Playing at playground east of Silver Towers while my parents climbed the fence into the field at the NE corner to play softball.  Judson Health Clinic.  Mary’s Candy store on Thompson.  Dumpster diving!  Running along Greene or Wooster along the tops of loading docks and other building structures playing “don’t touch the ground” with my brother.  Sword fighting with cardboard tubes left over from bolts of fabric.  Climbing in and on the bread delivery trucks at Wooster and Prince.

Paula Cooper Gallery when it was on Wooster Street (photo: Jaime Davidovich)

The loft parties after gallery openings.

Walking home after midnight in a snowfall. Walking past a store window on West Broadway and seeing a pair of exquisite shoes I couldn’t afford (I think there was one boutique there then). Meeting Isamu Noguchi on my roommate’s couch, in her loft (he was her friend).

Dragging in discarded furniture for home and studio; having people yell our names outside the building cuz we didn’t have buzzers, then throwing a sock down with the key in it; having all mail put into a slot in the street door;

Living in my loft when I was fixing it up. I was the only person in the whole 12 story building at night and on weekends.

The streets were always dead at night. The neighborhood was like a giant park. We use to ride our bmx bikes everywhere. I remember eating on Prince Street at a place called “Food”.

Too many.  But breaking my leg when my bike flipped over the curb on Greene and Prince ranks up there.

From “On the Bowery” National Geographic, September 1981

Egg salad sandwiches at Food.

The active art world. Visiting friends in their lofts, loft life, showing in SOHO.

Jake and Peaty his dog living on the street, working the loading platforms. Fire in the barrels for warmth.

The lights in the artist’s lofts high up at night.

Crazy mad art scene. MusArt Spiral Foods, watching the WTC buildings go up from my south facing windows, waiting for a call from Arnold about the evening’s parties.

Building our space from scratch and all the truly insane things that we went through to get that done.

How quiet it was after 5pm.

Meeting George Harrison and John Lennon walking past my building on Broome Street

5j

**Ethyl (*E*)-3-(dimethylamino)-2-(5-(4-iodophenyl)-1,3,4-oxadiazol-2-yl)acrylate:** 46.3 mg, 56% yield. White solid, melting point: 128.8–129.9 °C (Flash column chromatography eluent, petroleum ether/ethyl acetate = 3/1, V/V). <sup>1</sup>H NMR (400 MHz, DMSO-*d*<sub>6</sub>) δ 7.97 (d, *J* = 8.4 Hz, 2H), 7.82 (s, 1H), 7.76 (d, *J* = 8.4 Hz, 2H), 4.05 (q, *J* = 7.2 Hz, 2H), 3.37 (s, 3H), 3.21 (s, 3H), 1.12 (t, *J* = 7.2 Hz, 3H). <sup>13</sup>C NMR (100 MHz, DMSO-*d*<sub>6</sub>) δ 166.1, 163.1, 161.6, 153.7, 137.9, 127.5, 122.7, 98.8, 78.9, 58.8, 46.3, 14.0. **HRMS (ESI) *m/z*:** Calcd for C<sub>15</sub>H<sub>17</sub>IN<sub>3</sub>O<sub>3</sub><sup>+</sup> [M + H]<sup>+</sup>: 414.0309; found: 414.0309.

Walking my dog at 6:00 am and watching everyone stream into the neighborhood going to works from the R and the 6 trains, all going in one direction while I walked in the other with the rising sun streaming down the street making the old building seem new and glistening.

Artist Rick Parker and his dog on Prince Street in the 80s (photo: Rick Parker)

Some of the big street happenings that shut down Prince and West Broadway.

The snowstorms, how they shut down entire blocks.  The playgrounds in what is now the Coles center and how the ballfield on Houston and Mercer was really a lot of stones and dirt, there was nothing green about it.

Let There Be Neon on West Broadway, ca. 1975

Playing on the street with my friends. Jumping robe and playing handball in Thompson Street Park.  The R&K bakery truck and the daily news night owl edition.  Egg creams  and walk aways at Sammys. My mother calling me from the window.

I have so many.  Here is one:  My mother sent me to the bodega on West Broadway and Prince street to get her beer and cigarettes when I was 9. One of the guys who worked at the bodega sent me home to get a note from my mother.  When I returned with the note he put the 6-pack in a paper bag and walked me half way home before handing me the bag.  I think he was nervous about breaking the law.  That kind of thing would be impossible today.

Walking down deserted streets, even in the middle of the day.

How can I pick one?


And for a little added summer reading and listening, …

A new podcast about SoHo from The Bowery Boys: The Story of SoHo: The Iron-Clad History of ‘Hell’s Hundred Acres’ 

An article about the Loft Law from Artsy: How Artists Fought to Keep SoHo Rents Affordable—and Why It Matters Today

Two collections of photos of New York in the 1970s and 1980s: Vintage Photos Reveal the Gritty NYC Subway in the 70s and 80s 19 vintage photos that show what New York City looked like in the 1980s